What Is A 50/50 Martini Composed Of?

The martini is one of the most classic and varied drinks in the cocktail world. Folks make it shaken or stirred, with vodka or gin, and garnished with an olive or a lemon peel. There are espresso martinis and lemon drop martinis. There's the "perfect martini" made with both dry and sweet vermouths. James Bond's famously favored Vesper martini featured vodka, gin, and Lillet Blanc. It's paradoxically an enduring classic and a choose-your-own-adventure.

Its history is debated, says, Liquor.com, but the 50/50 martini first appeared in print in "The Savoy Cocktail Book" by legendary bartender Harry Craddock in 1930. Per Difford's Guide, Craddock is one of the most celebrated bartenders in history; he was even nicknamed "The Dean of Cocktail Shakers." But, despite its illustrious origin, the 50/50 martini didn't cement its enduring position in the cocktail world until the late 1990s, when NYC bartenders Audrey Saunders of the Pegu Club and Sasha Petraske of Milk & Honey added the drink to their menus. "It's a flavorful, elegant quaff that embodies the notion of culinary balance and not that of alcoholic largesse," says Saunders, via Punch. "It reflects equal attention to both flavor and detail." So, what's all the hype about?

In a classic martini, the standard gin-to-vermouth ratio is 3:1, says MasterClass. Adding more gin makes a martini "drier;" Adding more vermouth makes it "wetter." If standard martinis are a little too harsh for your taste, allow us to introduce the 50/50 martini.

Equal parts gin and vermouth

The 50/50 martini shares the same simple ingredients as the classic version: dry gin, dry vermouth, and a dash of orange bitters. But, per its namesake, the 50/50 martini is made with equal parts gin and vermouth. This "Fifty-Fifty" Dry Martini recipe adapted from Derek Brown of The Columbia Room in Washington, D.C., calls for 1½ ounces of gin and 1½ ounces of vermouth. Its straightforward recipe also makes it wicked simple to batch, says The New York Times — a favorite industry move.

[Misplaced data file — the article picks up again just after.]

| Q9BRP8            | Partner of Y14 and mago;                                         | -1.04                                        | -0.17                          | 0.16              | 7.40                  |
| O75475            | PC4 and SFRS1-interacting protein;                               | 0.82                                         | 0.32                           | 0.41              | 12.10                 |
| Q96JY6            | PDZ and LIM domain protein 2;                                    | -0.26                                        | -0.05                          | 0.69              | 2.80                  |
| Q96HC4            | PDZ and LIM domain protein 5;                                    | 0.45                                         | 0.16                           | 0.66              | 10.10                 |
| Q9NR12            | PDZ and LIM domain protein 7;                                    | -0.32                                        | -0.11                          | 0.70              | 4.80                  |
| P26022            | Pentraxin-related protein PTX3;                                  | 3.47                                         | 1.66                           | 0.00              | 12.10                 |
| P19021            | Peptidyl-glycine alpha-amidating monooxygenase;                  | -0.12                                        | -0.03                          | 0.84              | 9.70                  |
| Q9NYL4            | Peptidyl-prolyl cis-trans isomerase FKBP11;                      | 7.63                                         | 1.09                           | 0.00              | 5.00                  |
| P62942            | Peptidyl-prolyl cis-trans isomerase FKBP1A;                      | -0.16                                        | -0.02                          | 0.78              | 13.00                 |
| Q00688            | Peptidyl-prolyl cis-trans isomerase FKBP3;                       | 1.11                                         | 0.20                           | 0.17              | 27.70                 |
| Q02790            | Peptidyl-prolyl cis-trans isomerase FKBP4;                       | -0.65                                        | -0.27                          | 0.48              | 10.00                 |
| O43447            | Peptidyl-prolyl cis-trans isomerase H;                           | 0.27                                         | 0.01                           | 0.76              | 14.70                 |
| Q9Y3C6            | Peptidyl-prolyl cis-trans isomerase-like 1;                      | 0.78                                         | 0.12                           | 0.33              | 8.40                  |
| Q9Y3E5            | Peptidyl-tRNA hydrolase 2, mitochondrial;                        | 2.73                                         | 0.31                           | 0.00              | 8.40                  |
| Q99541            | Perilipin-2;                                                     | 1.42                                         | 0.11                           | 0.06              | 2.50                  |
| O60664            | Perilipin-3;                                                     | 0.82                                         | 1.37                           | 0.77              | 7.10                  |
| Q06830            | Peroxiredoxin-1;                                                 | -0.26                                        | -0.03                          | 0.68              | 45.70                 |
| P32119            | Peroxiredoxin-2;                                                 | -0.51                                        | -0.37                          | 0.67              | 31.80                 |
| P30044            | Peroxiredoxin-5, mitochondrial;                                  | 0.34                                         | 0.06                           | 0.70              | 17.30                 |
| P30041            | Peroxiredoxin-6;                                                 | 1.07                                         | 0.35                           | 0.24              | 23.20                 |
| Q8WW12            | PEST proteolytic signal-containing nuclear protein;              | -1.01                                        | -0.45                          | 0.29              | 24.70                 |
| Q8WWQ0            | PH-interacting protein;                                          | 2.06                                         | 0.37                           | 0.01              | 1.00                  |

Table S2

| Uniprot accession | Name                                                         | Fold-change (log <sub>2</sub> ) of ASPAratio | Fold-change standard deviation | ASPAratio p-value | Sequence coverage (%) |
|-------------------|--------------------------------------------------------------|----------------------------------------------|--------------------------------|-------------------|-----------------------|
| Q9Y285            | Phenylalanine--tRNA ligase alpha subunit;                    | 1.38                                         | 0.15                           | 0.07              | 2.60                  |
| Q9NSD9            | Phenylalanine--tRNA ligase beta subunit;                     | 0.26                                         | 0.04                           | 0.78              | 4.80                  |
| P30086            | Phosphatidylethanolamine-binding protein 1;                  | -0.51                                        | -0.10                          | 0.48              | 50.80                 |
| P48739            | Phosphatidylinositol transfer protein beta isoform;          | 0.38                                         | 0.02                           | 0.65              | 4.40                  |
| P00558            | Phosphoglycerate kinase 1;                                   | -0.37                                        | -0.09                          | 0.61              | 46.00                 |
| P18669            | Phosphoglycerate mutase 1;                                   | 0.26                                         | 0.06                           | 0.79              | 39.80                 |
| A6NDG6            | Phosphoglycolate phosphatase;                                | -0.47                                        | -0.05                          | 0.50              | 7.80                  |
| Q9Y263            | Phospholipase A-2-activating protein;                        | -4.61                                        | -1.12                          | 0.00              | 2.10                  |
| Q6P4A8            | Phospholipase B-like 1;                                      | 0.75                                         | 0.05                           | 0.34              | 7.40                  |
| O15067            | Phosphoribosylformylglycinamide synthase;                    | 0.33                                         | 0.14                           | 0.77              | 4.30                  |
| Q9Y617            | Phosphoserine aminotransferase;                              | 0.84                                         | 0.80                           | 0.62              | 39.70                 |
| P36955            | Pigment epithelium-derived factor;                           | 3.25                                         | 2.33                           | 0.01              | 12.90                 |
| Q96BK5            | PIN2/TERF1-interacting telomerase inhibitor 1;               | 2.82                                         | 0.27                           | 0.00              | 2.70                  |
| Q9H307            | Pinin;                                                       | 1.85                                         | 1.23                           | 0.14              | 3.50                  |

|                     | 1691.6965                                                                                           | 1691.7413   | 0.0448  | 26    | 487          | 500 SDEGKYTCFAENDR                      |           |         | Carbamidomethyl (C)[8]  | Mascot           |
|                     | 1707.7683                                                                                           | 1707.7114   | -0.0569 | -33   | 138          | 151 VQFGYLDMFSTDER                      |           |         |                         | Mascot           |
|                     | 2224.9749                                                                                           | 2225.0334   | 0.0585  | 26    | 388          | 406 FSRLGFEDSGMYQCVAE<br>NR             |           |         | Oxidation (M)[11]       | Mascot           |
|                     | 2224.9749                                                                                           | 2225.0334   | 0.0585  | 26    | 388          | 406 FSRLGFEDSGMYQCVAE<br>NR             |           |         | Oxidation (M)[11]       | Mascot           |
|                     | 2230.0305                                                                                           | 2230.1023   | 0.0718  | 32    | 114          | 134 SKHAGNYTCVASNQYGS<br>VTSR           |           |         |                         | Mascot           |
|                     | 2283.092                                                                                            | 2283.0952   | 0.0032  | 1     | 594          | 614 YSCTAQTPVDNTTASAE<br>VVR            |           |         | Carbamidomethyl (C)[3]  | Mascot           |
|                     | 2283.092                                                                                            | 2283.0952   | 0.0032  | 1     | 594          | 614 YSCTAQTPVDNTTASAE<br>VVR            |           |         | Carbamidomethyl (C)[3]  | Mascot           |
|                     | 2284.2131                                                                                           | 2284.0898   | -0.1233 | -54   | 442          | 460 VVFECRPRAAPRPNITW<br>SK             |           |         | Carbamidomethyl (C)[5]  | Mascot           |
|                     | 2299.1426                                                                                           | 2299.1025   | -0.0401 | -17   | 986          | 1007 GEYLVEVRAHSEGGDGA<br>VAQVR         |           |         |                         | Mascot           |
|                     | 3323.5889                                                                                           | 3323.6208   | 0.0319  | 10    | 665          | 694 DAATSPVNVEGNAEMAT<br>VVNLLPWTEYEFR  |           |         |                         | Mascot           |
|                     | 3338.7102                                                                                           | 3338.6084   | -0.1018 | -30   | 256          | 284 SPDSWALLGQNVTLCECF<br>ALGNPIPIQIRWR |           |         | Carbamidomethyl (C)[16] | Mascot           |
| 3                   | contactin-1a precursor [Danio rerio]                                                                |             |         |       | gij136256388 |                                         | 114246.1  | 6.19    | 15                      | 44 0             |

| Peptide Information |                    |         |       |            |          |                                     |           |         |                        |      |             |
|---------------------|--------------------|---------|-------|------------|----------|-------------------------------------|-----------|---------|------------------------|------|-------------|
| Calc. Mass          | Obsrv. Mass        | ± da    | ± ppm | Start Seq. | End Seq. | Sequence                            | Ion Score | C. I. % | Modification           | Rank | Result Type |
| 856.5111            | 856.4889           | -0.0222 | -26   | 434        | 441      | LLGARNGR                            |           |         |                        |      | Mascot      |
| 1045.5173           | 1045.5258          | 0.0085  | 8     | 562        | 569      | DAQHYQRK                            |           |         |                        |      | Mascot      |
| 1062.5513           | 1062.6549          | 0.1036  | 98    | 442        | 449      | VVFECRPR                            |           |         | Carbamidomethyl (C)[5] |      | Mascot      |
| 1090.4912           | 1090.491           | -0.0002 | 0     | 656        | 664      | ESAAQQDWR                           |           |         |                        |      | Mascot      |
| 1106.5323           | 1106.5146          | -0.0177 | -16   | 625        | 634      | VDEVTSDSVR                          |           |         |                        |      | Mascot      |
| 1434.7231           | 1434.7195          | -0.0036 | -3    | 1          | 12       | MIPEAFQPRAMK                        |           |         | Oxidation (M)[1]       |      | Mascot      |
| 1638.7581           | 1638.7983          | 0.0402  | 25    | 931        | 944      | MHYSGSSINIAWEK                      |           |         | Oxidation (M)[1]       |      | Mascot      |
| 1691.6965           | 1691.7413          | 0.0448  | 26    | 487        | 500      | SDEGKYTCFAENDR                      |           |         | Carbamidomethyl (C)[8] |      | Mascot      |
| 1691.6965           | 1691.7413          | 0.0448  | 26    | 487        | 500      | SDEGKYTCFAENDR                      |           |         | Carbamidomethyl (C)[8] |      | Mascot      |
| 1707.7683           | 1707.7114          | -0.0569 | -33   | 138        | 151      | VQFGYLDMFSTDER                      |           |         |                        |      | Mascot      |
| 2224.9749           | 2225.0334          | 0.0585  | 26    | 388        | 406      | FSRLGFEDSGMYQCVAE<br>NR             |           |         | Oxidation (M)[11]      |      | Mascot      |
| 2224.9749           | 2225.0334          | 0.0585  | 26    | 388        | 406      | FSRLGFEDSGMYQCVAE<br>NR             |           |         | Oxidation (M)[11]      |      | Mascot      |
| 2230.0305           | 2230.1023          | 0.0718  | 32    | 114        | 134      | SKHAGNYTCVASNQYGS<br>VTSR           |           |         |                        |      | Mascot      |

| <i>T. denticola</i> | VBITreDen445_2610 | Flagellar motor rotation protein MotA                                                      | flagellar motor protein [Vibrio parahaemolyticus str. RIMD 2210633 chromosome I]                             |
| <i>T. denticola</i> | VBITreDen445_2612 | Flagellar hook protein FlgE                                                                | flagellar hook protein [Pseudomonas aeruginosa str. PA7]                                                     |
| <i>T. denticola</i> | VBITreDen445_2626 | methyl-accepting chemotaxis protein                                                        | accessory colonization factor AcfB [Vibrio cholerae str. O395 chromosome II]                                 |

Its higher vermouth ratio lowers the 50/50 martini's total ABV. Most gins pack a standard liquor's 40% ABV, but vermouth is a type of fortified wine, and its ABV falls somewhere around 16% to 18%. That's lower than a lot of cordials — and not every mixologist is on-board. NYC-based mixologist Thomas Waugh says the 50/50 isn't even a real martini at all. "When you say, 'Let's go get a Martini,' I'm not talking about going and drinking vermouth, man. A Martini means business," explains Waugh, via Punch. (Though, he admits that his friends actually prefer the 50/50 to a standard martini.)

Like classic martinis, the 50/50 martini offers a nuanced flavor profile determined by the tasting notes of the ingredients you use, so feel free to get creative. Botanical Tanqueray gin pairs well with French floral vermouth like Dolin Blanc. A Japanese dry gin like Ki No Bi by Kyoto would be complemented by this yuzu vermouth by Unico Zelo.